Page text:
The question remains: What would a contemporary Christian project look like? In partial answer to this question I submit the genre of magical realism (MR). This genre, including such prominent and diverse names as: Thomas Pynchon, Salmon Rushdie and Gabriel Garcia Marquez, blends supernatural elements within an otherwise realist narrative. Rather than creating another world and importing realist strategy there (e.g. Middle Earth and Narnia) these writers are including the miraculous within the ordinary. Rushdie offers us a fine summation when he says, “You must use language in a manner which permits God to exist—the divine to be as real as the divan I am sitting on.”[17] With a statement such as this, one wonders whatever happened to the tight secular knots naturalism had once tied us in. John A. McClure, in his essay titled “Postmodern/Post-Secular: Contemporary Fiction and Spirituality”[18] describes the contemporary literary landscape as favorable to spirituality. He even considers MR in terms of a “post-secular project of resacralization”.[19] He is correct in asserting the ‘project’ nature of MR. Many have noted that MR as a genre confronts cultural imperialism and western secularism. Wendy Faris, perhaps the most important scholar of MR, writes, “irreducible elements of magic question post-Enlightenment science’s empirical definition of the world.”[20] Furthermore, it seems that people have been longing for this reintegration of the miraculous and the mundane, Faris quotes John Updike as referring to MR as “a now widely available elixir.”[21] And the Christian cannot help but agree, with its subversion of western dualisms and its “resacralization” project.[22] So while MR is not a ‘Christian’ genre it does give a voice to the marginalized while sharing in fundamental Christian projects (e.g. a distrust of western secularism). Because of this, MR--I’d like to believe-- could be understood as one venue through which literary Christians (and would-be literary Christians) can engage with the current literary landscape. Here there is no escapism; the Christian engaging with MR can freely assert the reality of God in a post-secular climate. This project would not be a superficial; Christians have authentic voices to add to the genre, voices that offer an honest narrative and a forceful worldview which, like the rest of MR, confronts western secularism. While to some having such a strong philosophical under-girding might make us ripe for the same critique Eliot offered Chesterton, that of being propagandist. However, I’d argue that all the great writers—those who are certainly not propagandist--have been conscious of their philosophical/theological assumptions, certainly Eliot was among them[23].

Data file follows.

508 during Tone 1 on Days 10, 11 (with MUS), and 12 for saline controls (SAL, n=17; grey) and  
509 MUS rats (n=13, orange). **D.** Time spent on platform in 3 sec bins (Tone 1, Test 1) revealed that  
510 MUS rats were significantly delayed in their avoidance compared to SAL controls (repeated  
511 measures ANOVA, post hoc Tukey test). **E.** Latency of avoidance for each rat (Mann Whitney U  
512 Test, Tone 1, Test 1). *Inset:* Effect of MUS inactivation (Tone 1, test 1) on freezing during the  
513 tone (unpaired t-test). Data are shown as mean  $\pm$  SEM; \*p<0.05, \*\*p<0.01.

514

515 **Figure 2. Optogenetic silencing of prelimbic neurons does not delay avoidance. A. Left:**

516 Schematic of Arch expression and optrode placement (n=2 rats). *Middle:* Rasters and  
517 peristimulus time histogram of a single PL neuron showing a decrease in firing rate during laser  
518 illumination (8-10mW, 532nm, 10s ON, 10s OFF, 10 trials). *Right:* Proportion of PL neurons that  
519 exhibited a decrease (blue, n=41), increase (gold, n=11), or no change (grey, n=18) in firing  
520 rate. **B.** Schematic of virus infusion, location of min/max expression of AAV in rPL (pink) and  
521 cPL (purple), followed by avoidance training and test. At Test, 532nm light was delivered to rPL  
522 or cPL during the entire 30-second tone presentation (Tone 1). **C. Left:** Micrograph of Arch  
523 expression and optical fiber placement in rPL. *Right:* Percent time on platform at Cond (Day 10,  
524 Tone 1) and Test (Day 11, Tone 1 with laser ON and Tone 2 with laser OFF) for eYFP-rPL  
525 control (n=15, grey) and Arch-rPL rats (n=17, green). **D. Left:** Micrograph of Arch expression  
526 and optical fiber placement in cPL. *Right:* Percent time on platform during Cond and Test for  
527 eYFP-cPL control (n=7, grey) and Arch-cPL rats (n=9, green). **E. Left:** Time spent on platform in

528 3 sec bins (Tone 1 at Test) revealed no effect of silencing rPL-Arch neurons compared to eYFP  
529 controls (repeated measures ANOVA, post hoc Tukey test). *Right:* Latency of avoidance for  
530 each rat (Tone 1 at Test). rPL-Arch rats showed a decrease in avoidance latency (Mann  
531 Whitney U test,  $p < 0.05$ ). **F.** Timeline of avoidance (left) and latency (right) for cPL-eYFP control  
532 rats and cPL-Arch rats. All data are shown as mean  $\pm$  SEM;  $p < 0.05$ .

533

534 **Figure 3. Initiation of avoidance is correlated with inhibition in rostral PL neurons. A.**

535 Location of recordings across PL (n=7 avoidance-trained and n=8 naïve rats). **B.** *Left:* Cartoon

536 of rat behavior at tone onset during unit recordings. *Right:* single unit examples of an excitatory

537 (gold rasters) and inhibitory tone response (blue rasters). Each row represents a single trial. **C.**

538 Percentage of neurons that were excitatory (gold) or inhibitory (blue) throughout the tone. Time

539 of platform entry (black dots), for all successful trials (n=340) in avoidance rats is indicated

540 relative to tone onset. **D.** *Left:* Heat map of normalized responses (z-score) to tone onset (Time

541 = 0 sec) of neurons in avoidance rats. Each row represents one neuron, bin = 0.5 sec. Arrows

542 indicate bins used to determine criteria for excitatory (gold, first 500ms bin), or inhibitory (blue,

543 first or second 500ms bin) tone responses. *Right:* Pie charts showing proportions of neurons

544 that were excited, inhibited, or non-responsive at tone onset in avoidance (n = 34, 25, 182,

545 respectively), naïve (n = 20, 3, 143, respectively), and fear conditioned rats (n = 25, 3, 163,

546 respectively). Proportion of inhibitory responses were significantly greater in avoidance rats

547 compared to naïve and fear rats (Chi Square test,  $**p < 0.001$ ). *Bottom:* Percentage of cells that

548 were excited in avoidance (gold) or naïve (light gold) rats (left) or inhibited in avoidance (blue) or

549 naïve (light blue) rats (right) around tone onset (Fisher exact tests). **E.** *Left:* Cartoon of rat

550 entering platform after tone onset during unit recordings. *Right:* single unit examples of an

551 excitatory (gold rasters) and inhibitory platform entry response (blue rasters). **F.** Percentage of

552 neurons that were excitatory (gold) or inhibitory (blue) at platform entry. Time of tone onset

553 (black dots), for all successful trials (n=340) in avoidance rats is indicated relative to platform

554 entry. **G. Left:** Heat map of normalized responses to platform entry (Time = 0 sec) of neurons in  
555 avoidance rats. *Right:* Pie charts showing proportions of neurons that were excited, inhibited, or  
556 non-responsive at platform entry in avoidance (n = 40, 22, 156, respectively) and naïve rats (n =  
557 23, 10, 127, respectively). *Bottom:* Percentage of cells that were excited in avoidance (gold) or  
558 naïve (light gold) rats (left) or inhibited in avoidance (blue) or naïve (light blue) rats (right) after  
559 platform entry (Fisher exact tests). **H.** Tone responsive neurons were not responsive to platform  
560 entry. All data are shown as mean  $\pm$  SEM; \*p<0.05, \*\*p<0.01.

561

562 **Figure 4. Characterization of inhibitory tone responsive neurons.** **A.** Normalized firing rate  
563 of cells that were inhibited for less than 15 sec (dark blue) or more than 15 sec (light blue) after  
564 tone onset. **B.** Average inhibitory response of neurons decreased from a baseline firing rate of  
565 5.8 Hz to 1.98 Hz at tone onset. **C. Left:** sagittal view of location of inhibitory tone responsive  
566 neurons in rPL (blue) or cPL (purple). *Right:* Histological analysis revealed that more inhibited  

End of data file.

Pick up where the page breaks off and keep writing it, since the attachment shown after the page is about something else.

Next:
In the beginning of this essay I lamented that the Inklings were becoming an off-ramp by which Christians exit into a comfortable cul-de-sac; my intent is that this same phenomenon will not happen with MR. The Christian’s responsibility is to stand firm in Christ, not in a literary genre; things change with time so just as we should not exit off to the Inklings we shouldn’t fall into the same trap with MR. This city where literature and faith meet is too diverse for a ghetto. For instance there are many other writers not engaged in MR but wildly committed to the nexus of faith and literature. MR is therefore an opening, a way past the escapism of fantasy and the secularity of naturalism; it presents promise for the writer who is both committed to Christ’s kingdom and the contemporary literary landscape.

[1] Flannery O’Connor, “The Church and the Fiction Writer” O’Connor. (Literary Classics: New York, United States, 1988).

[2] Miriam Hendrix describes this situation by saying the following: “In recent years we have seen people who are more familiar with the geography of Tolkien’s Middle Earth than with that of their own country or state; we have known adults who would rather reflect on Christian truth in Lewis’s Narnia books than read his or anyone else’s theological works.” (Miriam Hendrix The Christian Imagination “Why Fantasy Appeals” ed. Leland Ryken 358 Shaw Books 2002 Colorado Springs, CO).

[3] In no way will I, nor do I intend to even allude to the possibility of, questioning either Lewis’ or Tolkien’s faith.

[4] I think the C.S. Lewis and Tolkien book industry is evidence of at least some hagiography.

[5] Entirely is an important word here.

[6] Matthew 28:19 NRSV Renovare Study Bible 1989

[7] J.R.R. Tolkien. “On Fairy Stories”. The Tolkien Reader 1966.

[8] Greg Wolfe. “Why the Inklings Aren’t Enough” 2006 Image Seattle SPU

[9] In no way do I intend to advocate the Narnia children should be sent to London to endure the bombings, my argument is more of under-girding philosophies.

[10] Graham Greene. The Ministry of Fear. 56 Penguin Classics New York, NY: 1943.

[11] Thomas Wendorf. “Greene, Tolkien, and the Mysterious Relations of Realism and Fantasy. 2002. Renascence. 79-100. Fall 2002.

[12] T.S. Eliot. Ed. Leland Ryken. “Religion and Literature”. Shaw Books Colorado Springs, CO. 2002.

[13] Ibid 201.

[14] Quoted in Wendy Ferris pg. 95-96

[15] Flannery O’Connor. Ed. Leland Ryken. “The Novelist as Believer”. The Christian Imagination. Shaw Books Colorado Springs, Co. 2002

[16] Greg Wolfe, ed. Greg Wolfe. “The Christian Writer in a Fragmented Culture” The New Religious Humanists 1997 Free Press New York, NY.

[17] quoted in Wendy Farris 98 Ordinary Enchantments: Magical Realism and the Remystification of Narrative.

[18] John A. McClure “Postmodern/Post-secular: Contemporary Fiction and Spirituality. 141-163

[19] Ibid pg. 144

[20] Wendy Faris pg. 23. Vanderbilt University Press, Nashville TN. 2004.

[21] Quoted in Ibid pg. 29.

[22] While looking somewhat similar to the Inklings project magical realism is fundamentally simply because while the inklings export the supernatural to a sub-creation magical realists reintegrate the supernatural in the world.

[23] Greg Wolfe, ed. Greg Wolfe. “The Christian Writer in a Fragmented Culture” The New Religious Humanists 1997 Free Press New York, NY. pg. 206